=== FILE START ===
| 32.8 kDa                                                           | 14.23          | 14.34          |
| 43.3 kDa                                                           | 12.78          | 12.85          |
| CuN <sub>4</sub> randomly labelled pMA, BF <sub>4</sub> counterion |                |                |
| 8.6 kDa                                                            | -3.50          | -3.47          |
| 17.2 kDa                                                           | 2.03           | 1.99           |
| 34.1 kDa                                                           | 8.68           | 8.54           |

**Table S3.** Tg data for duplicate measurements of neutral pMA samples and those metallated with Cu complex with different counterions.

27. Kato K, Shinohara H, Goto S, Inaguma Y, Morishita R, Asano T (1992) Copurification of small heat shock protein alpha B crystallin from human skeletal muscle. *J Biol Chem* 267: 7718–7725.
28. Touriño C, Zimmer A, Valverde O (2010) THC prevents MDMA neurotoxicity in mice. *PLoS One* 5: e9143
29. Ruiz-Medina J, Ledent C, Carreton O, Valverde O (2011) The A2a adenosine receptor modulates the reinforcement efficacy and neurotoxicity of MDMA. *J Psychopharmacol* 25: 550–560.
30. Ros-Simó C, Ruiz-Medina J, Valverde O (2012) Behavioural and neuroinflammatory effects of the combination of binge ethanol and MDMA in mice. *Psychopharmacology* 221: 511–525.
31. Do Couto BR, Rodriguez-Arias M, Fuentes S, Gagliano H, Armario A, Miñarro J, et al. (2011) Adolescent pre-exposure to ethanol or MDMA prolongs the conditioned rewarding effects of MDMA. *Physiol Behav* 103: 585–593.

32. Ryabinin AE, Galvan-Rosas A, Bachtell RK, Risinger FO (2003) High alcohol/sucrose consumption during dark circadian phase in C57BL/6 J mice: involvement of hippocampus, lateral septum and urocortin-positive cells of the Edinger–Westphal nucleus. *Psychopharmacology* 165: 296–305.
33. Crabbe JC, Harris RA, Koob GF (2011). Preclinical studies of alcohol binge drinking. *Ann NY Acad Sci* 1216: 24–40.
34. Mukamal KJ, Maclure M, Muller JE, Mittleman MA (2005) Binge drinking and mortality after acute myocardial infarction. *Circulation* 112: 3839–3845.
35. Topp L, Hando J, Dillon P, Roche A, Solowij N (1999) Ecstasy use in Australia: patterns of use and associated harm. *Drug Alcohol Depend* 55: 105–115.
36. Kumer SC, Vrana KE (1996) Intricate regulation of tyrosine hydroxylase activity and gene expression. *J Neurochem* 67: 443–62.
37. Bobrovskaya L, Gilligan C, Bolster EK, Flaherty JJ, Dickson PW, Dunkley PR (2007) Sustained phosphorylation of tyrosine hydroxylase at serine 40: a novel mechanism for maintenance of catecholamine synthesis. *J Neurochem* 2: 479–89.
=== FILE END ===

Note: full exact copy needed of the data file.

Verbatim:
| 32.8 kDa                                                           | 14.23          | 14.34          |
| 43.3 kDa                                                           | 12.78          | 12.85          |
| CuN <sub>4</sub> randomly labelled pMA, BF <sub>4</sub> counterion |                |                |
| 8.6 kDa                                                            | -3.50          | -3.47          |
| 17.2 kDa                                                           | 2.03           | 1.99           |
| 34.1 kDa                                                           | 8.68           | 8.54           |

**Table S3.** Tg data for duplicate measurements of neutral pMA samples and those metallated with Cu complex with different counterions.

27. Kato K, Shinohara H, Goto S, Inaguma Y, Morishita R, Asano T (1992) Copurification of small heat shock protein alpha B crystallin from human skeletal muscle. *J Biol Chem* 267: 7718–7725.
28. Touriño C, Zimmer A, Valverde O (2010) THC prevents MDMA neurotoxicity in mice. *PLoS One* 5: e9143
29. Ruiz-Medina J, Ledent C, Carreton O, Valverde O (2011) The A2a adenosine receptor modulates the reinforcement efficacy and neurotoxicity of MDMA. *J Psychopharmacol* 25: 550–560.
30. Ros-Simó C, Ruiz-Medina J, Valverde O (2012) Behavioural and neuroinflammatory effects of the combination of binge ethanol and MDMA in mice. *Psychopharmacology* 221: 511–525.
31. Do Couto BR, Rodriguez-Arias M, Fuentes S, Gagliano H, Armario A, Miñarro J, et al. (2011) Adolescent pre-exposure to ethanol or MDMA prolongs the conditioned rewarding effects of MDMA. *Physiol Behav* 103: 585–593.

32. Ryabinin AE, Galvan-Rosas A, Bachtell RK, Risinger FO (2003) High alcohol/sucrose consumption during dark circadian phase in C57BL/6 J mice: involvement of hippocampus, lateral septum and urocortin-positive cells of the Edinger–Westphal nucleus. *Psychopharmacology* 165: 296–305.
33. Crabbe JC, Harris RA, Koob GF (2011). Preclinical studies of alcohol binge drinking. *Ann NY Acad Sci* 1216: 24–40.
34. Mukamal KJ, Maclure M, Muller JE, Mittleman MA (2005) Binge drinking and mortality after acute myocardial infarction. *Circulation* 112: 3839–3845.
35. Topp L, Hando J, Dillon P, Roche A, Solowij N (1999) Ecstasy use in Australia: patterns of use and associated harm. *Drug Alcohol Depend* 55: 105–115.
36. Kumer SC, Vrana KE (1996) Intricate regulation of tyrosine hydroxylase activity and gene expression. *J Neurochem* 67: 443–62.
37. Bobrovskaya L, Gilligan C, Bolster EK, Flaherty JJ, Dickson PW, Dunkley PR (2007) Sustained phosphorylation of tyrosine hydroxylase at serine 40: a novel mechanism for maintenance of catecholamine synthesis. *J Neurochem* 2: 479–89.